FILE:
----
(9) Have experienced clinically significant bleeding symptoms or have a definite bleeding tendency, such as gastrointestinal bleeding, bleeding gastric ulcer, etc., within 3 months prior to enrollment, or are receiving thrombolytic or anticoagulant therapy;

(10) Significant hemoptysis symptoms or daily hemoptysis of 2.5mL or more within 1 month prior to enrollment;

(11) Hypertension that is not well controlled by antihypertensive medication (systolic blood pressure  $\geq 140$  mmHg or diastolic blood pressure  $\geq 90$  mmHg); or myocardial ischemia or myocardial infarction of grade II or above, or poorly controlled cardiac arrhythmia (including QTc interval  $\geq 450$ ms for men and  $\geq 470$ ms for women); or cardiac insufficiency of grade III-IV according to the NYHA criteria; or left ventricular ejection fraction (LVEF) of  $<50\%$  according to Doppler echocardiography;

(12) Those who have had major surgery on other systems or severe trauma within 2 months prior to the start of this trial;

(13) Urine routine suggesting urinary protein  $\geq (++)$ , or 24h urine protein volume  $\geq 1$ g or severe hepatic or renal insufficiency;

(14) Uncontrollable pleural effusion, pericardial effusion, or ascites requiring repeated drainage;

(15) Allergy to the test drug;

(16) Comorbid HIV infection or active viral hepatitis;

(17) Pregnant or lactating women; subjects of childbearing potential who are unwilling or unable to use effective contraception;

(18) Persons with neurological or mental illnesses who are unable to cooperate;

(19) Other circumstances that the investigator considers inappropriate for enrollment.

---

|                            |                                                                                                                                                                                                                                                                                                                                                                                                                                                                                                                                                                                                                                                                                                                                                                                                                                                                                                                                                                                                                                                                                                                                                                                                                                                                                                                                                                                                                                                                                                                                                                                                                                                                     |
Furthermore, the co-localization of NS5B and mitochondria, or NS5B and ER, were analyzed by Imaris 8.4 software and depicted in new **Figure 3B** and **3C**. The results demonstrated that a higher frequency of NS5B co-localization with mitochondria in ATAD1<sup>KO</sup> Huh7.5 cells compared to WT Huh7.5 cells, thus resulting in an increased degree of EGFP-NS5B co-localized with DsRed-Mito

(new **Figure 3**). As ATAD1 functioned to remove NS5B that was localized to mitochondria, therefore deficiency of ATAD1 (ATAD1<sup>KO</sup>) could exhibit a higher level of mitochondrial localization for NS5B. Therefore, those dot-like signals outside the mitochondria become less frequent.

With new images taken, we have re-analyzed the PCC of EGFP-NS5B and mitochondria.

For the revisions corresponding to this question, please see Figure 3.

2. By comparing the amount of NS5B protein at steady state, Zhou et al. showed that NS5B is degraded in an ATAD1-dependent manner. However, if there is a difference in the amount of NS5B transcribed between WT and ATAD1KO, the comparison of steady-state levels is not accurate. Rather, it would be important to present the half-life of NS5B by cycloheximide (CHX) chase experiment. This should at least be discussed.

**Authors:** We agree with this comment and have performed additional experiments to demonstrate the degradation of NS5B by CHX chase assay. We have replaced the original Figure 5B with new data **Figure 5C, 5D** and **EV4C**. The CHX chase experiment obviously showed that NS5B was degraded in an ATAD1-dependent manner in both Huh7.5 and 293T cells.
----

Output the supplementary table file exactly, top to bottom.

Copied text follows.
(9) Have experienced clinically significant bleeding symptoms or have a definite bleeding tendency, such as gastrointestinal bleeding, bleeding gastric ulcer, etc., within 3 months prior to enrollment, or are receiving thrombolytic or anticoagulant therapy;

(10) Significant hemoptysis symptoms or daily hemoptysis of 2.5mL or more within 1 month prior to enrollment;

(11) Hypertension that is not well controlled by antihypertensive medication (systolic blood pressure  $\geq 140$  mmHg or diastolic blood pressure  $\geq 90$  mmHg); or myocardial ischemia or myocardial infarction of grade II or above, or poorly controlled cardiac arrhythmia (including QTc interval  $\geq 450$ ms for men and  $\geq 470$ ms for women); or cardiac insufficiency of grade III-IV according to the NYHA criteria; or left ventricular ejection fraction (LVEF) of  $<50\%$  according to Doppler echocardiography;

(12) Those who have had major surgery on other systems or severe trauma within 2 months prior to the start of this trial;

(13) Urine routine suggesting urinary protein  $\geq (++)$ , or 24h urine protein volume  $\geq 1$ g or severe hepatic or renal insufficiency;

(14) Uncontrollable pleural effusion, pericardial effusion, or ascites requiring repeated drainage;

(15) Allergy to the test drug;

(16) Comorbid HIV infection or active viral hepatitis;

(17) Pregnant or lactating women; subjects of childbearing potential who are unwilling or unable to use effective contraception;

(18) Persons with neurological or mental illnesses who are unable to cooperate;

(19) Other circumstances that the investigator considers inappropriate for enrollment.

---

|                            |                                                                                                                                                                                                                                                                                                                                                                                                                                                                                                                                                                                                                                                                                                                                                                                                                                                                                                                                                                                                                                                                                                                                                                                                                                                                                                                                                                                                                                                                                                                                                                                                                                                                     |
Furthermore, the co-localization of NS5B and mitochondria, or NS5B and ER, were analyzed by Imaris 8.4 software and depicted in new **Figure 3B** and **3C**. The results demonstrated that a higher frequency of NS5B co-localization with mitochondria in ATAD1<sup>KO</sup> Huh7.5 cells compared to WT Huh7.5 cells, thus resulting in an increased degree of EGFP-NS5B co-localized with DsRed-Mito

(new **Figure 3**). As ATAD1 functioned to remove NS5B that was localized to mitochondria, therefore deficiency of ATAD1 (ATAD1<sup>KO</sup>) could exhibit a higher level of mitochondrial localization for NS5B. Therefore, those dot-like signals outside the mitochondria become less frequent.

With new images taken, we have re-analyzed the PCC of EGFP-NS5B and mitochondria.

For the revisions corresponding to this question, please see Figure 3.

2. By comparing the amount of NS5B protein at steady state, Zhou et al. showed that NS5B is degraded in an ATAD1-dependent manner. However, if there is a difference in the amount of NS5B transcribed between WT and ATAD1KO, the comparison of steady-state levels is not accurate. Rather, it would be important to present the half-life of NS5B by cycloheximide (CHX) chase experiment. This should at least be discussed.

**Authors:** We agree with this comment and have performed additional experiments to demonstrate the degradation of NS5B by CHX chase assay. We have replaced the original Figure 5B with new data **Figure 5C, 5D** and **EV4C**. The CHX chase experiment obviously showed that NS5B was degraded in an ATAD1-dependent manner in both Huh7.5 and 293T cells.